One of the blogs I read regularly, Chubbysuperbiker, has a celebratory post. The author is celebrating losing 300 pounds since he began changing his life in 2005. Please read his post, and come back. I’ll wait.

On reading his celebration, I was struck by this statement:

“I haven’t blogged a lot because I’ve struggled with in my head what to blog about.  There’s a lot of stuff I want to, but it’s deeply personal, deeply revealing, and deeply the stuff that people struggle with but will never talk about.  Varicose veins.  What it’s really like to live when you’re morbidly obese.  Clothes.  Hygiene.  Pain, the biggest one of all, pain.  All the stuff I wish someone would have told me 15 or 20 years ago, but that I never would have listened to.”

I’ll say here some of the stuff Chubbysuperbiker is shying away from: Being super obese sucks. There is no such thing as a happy super obese person. Even keeping clean is a struggle. Clothes look horrible on you, even if they are attractive in themselves, which isn’t often. The health problems associated with obesity are so well known I won’t repeat them here, but there are a lot of them aside from diabetes. 

I personally have no shame in saying I was once over 400 pounds. I lost 160 of them over 18 months in 2006 and 2007, maintained more or less successfully for 2007 and 2008, struggled with keeping my weight down in 2009 and 2010 as my knee troubles worsened, and ballooned to 350 as I recovered from having both knees replaced in 2012. I’m down to 310, and dropping. We all make mistakes, and we all have unexpected problems to overcome. The point is to overcome them. Part of losing weight is accepting responsibility for what you’ve done to yourself and others. Yes, I built myself to over 400 pounds and unable to walk a city block, and I don’t mind saying so. I’m not proud of it, but I’m not ashamed of it either, because I’m not the person I was.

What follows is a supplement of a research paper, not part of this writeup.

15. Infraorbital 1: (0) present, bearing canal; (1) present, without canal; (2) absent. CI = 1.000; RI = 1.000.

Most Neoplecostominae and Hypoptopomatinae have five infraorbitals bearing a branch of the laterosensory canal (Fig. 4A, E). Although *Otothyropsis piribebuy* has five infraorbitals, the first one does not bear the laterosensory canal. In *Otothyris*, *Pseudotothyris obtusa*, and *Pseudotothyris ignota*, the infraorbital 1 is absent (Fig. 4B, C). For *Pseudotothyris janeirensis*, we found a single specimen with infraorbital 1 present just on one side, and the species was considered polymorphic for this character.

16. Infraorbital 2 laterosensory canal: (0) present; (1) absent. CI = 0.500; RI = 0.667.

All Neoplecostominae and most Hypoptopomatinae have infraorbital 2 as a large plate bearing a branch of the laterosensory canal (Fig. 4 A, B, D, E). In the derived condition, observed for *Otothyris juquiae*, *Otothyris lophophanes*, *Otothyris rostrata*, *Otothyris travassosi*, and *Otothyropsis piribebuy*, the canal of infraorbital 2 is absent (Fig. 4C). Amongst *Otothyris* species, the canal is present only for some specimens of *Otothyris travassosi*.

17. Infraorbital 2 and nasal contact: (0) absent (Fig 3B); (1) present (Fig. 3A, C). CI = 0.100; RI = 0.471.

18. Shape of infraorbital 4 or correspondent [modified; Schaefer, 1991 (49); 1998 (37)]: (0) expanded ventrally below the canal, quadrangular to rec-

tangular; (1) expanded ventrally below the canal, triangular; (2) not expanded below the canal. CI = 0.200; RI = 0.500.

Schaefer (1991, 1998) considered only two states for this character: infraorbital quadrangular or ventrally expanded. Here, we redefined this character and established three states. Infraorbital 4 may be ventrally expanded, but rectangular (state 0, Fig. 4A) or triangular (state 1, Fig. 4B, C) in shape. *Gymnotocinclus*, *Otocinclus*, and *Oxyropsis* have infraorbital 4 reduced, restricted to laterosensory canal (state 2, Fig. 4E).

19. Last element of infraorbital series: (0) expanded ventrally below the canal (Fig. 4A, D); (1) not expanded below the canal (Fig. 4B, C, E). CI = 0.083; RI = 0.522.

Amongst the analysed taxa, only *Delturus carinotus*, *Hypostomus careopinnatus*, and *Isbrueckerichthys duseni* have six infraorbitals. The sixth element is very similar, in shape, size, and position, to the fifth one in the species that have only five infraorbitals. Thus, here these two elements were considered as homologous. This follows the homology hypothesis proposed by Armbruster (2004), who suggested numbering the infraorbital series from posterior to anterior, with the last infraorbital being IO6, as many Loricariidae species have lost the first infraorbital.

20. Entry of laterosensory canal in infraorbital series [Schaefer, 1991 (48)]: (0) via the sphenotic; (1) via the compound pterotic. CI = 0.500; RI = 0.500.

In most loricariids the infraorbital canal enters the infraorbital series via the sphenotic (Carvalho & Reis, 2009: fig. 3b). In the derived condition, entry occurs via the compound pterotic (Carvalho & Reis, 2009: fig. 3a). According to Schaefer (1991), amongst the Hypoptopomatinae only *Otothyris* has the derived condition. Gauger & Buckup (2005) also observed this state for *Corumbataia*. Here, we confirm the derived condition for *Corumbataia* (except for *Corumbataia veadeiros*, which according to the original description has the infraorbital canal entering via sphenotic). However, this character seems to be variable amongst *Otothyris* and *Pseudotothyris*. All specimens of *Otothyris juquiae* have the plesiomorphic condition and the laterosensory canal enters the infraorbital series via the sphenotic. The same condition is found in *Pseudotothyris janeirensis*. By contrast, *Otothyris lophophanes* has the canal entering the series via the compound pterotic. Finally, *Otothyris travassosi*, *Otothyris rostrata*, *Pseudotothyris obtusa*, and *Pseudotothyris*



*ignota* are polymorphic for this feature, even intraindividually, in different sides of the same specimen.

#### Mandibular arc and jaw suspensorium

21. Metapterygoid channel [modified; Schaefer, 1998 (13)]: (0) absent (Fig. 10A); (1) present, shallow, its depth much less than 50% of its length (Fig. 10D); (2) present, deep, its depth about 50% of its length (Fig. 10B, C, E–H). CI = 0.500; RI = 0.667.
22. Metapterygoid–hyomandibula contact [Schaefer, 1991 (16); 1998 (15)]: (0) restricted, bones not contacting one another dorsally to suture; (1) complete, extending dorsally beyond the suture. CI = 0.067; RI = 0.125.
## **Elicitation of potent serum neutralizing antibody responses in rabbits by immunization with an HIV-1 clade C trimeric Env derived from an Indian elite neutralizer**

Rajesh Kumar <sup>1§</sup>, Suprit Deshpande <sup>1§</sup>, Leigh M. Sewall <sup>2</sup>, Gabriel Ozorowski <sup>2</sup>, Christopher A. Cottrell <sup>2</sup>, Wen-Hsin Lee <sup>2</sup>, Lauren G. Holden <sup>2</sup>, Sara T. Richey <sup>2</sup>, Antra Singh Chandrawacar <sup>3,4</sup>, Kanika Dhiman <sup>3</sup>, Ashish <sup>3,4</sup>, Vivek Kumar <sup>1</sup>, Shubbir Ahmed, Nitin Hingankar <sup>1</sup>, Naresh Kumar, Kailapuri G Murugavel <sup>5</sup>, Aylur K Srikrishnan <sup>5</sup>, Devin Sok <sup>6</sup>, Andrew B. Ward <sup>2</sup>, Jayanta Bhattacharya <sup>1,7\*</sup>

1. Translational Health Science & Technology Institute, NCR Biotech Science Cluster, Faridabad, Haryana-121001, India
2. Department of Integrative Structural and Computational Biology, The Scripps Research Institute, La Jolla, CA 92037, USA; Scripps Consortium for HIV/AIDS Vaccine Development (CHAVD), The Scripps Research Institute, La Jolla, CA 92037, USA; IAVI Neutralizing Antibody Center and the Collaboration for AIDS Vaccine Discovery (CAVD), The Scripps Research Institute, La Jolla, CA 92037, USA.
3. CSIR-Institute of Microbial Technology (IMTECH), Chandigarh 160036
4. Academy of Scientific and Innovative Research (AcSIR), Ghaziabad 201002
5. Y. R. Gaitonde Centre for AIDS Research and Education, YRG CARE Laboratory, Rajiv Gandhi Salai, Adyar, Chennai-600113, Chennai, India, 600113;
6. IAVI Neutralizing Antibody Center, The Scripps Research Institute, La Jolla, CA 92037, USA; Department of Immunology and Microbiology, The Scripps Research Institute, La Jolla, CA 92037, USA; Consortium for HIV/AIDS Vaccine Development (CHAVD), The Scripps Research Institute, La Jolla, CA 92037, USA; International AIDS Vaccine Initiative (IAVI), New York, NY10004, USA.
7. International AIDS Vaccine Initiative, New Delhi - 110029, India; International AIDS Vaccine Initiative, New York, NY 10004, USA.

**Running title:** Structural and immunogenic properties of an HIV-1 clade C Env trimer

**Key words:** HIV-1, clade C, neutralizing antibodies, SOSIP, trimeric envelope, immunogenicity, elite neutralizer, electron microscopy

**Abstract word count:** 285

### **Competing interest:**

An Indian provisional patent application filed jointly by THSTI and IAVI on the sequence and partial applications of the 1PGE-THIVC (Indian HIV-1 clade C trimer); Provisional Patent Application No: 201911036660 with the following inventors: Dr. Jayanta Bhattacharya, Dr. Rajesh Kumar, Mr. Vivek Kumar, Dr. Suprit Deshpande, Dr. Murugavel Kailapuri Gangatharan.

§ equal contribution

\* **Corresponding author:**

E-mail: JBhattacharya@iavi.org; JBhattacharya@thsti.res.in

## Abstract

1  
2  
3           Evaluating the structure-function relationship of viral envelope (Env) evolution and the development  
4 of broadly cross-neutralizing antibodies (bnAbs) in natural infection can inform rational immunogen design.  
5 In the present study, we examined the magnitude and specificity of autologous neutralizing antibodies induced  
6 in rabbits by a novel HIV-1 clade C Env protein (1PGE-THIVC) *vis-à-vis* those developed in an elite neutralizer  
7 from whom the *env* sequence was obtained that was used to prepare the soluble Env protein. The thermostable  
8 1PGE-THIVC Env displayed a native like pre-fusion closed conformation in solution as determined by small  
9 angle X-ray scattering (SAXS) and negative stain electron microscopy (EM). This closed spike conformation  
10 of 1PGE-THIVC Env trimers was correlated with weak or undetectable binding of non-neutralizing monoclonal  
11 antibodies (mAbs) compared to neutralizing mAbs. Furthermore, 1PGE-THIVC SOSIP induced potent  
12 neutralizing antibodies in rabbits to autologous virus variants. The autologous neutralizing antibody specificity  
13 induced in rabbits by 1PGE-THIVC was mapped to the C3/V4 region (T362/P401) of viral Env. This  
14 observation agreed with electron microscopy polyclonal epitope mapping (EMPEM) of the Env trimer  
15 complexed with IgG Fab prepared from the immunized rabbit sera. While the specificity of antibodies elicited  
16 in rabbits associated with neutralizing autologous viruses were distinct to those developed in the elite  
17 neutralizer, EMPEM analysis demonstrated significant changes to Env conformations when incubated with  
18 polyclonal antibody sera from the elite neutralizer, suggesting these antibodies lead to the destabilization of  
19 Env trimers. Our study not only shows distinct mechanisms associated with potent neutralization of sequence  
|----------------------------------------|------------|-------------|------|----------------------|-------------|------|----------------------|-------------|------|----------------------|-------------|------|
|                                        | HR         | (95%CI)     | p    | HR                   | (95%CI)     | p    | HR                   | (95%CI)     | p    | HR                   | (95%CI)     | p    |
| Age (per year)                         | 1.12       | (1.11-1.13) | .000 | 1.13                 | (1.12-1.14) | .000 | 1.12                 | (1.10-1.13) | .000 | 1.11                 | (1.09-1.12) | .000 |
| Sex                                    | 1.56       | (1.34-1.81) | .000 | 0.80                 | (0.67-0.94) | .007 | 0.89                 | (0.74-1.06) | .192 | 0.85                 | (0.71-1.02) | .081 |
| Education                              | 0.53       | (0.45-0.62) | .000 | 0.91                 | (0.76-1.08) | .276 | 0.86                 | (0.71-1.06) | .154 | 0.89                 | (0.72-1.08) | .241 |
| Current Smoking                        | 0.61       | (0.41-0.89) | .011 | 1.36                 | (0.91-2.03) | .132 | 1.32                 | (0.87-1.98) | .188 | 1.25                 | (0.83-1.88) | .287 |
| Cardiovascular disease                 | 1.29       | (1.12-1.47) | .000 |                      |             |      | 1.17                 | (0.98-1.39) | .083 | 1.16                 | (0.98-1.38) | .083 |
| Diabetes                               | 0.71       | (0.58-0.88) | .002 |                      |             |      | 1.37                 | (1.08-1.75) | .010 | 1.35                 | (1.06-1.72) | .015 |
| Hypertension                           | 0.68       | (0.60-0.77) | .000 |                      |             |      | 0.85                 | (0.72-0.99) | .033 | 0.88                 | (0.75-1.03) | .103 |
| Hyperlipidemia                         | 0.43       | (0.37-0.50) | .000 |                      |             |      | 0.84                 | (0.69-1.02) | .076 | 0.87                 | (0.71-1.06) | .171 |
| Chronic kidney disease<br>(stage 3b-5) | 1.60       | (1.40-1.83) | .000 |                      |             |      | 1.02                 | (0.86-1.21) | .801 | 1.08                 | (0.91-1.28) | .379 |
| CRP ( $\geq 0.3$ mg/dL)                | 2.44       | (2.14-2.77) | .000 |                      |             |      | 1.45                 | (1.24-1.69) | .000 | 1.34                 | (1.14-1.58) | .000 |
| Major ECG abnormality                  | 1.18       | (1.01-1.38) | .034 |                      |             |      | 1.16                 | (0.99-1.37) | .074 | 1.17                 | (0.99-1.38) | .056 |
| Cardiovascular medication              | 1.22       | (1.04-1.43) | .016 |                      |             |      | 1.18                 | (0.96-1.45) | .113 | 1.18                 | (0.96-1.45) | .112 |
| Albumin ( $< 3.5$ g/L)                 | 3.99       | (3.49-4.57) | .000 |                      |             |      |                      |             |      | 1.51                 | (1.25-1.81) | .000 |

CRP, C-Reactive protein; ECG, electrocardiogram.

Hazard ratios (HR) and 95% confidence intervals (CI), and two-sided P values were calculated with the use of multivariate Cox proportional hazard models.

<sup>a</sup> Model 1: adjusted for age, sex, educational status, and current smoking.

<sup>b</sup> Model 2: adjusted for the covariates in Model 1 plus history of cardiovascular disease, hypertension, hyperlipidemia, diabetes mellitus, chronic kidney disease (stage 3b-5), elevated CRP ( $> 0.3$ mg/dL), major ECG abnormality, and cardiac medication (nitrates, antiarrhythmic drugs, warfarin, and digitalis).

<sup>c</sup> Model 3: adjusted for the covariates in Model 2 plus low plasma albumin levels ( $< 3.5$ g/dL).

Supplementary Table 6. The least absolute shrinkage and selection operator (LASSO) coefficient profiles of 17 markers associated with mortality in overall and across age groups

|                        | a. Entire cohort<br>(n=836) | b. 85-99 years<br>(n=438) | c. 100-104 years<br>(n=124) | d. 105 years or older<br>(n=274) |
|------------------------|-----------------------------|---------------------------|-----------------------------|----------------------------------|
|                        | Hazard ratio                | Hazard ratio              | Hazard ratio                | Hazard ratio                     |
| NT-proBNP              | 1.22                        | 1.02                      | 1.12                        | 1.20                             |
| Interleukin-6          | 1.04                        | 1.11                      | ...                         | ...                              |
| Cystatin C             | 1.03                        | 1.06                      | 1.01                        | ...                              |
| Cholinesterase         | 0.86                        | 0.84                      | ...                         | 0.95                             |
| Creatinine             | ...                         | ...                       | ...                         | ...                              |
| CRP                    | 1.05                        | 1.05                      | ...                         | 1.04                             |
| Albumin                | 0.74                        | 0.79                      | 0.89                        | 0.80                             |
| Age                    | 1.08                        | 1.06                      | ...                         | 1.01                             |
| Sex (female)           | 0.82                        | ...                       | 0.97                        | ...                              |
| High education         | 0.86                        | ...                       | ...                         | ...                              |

It sounds to me from the paragraph I quoted that Chubbysuperbiker is struggling with shame. Shame he reached 567 pounds. Shame for the life he led. That’s not an uncommon reaction to massive weight loss. I’ve struggled with it. I know other former super obese people who had to get over it; one friend once wrote he couldn’t understand “why I hated myself so much.” What I would say to Chubbysuperbiker were we in the same room, or riding together, is – that was then. This is now. You aren’t the same man, because you can’t be after the transformation you were through. Think of the old fat guy as the distant past, and move on. You can talk about him and what he faced because you aren’t him anymore. 

And celebrate not being him anymore. One of the best moments in my life was after a 50 mile ride. I came home, showered, had dinner, and began reading a book. Then it struck me. I’d done a 50 mile ride and the experience was normal to me. And that kind of normal is worth celebrating.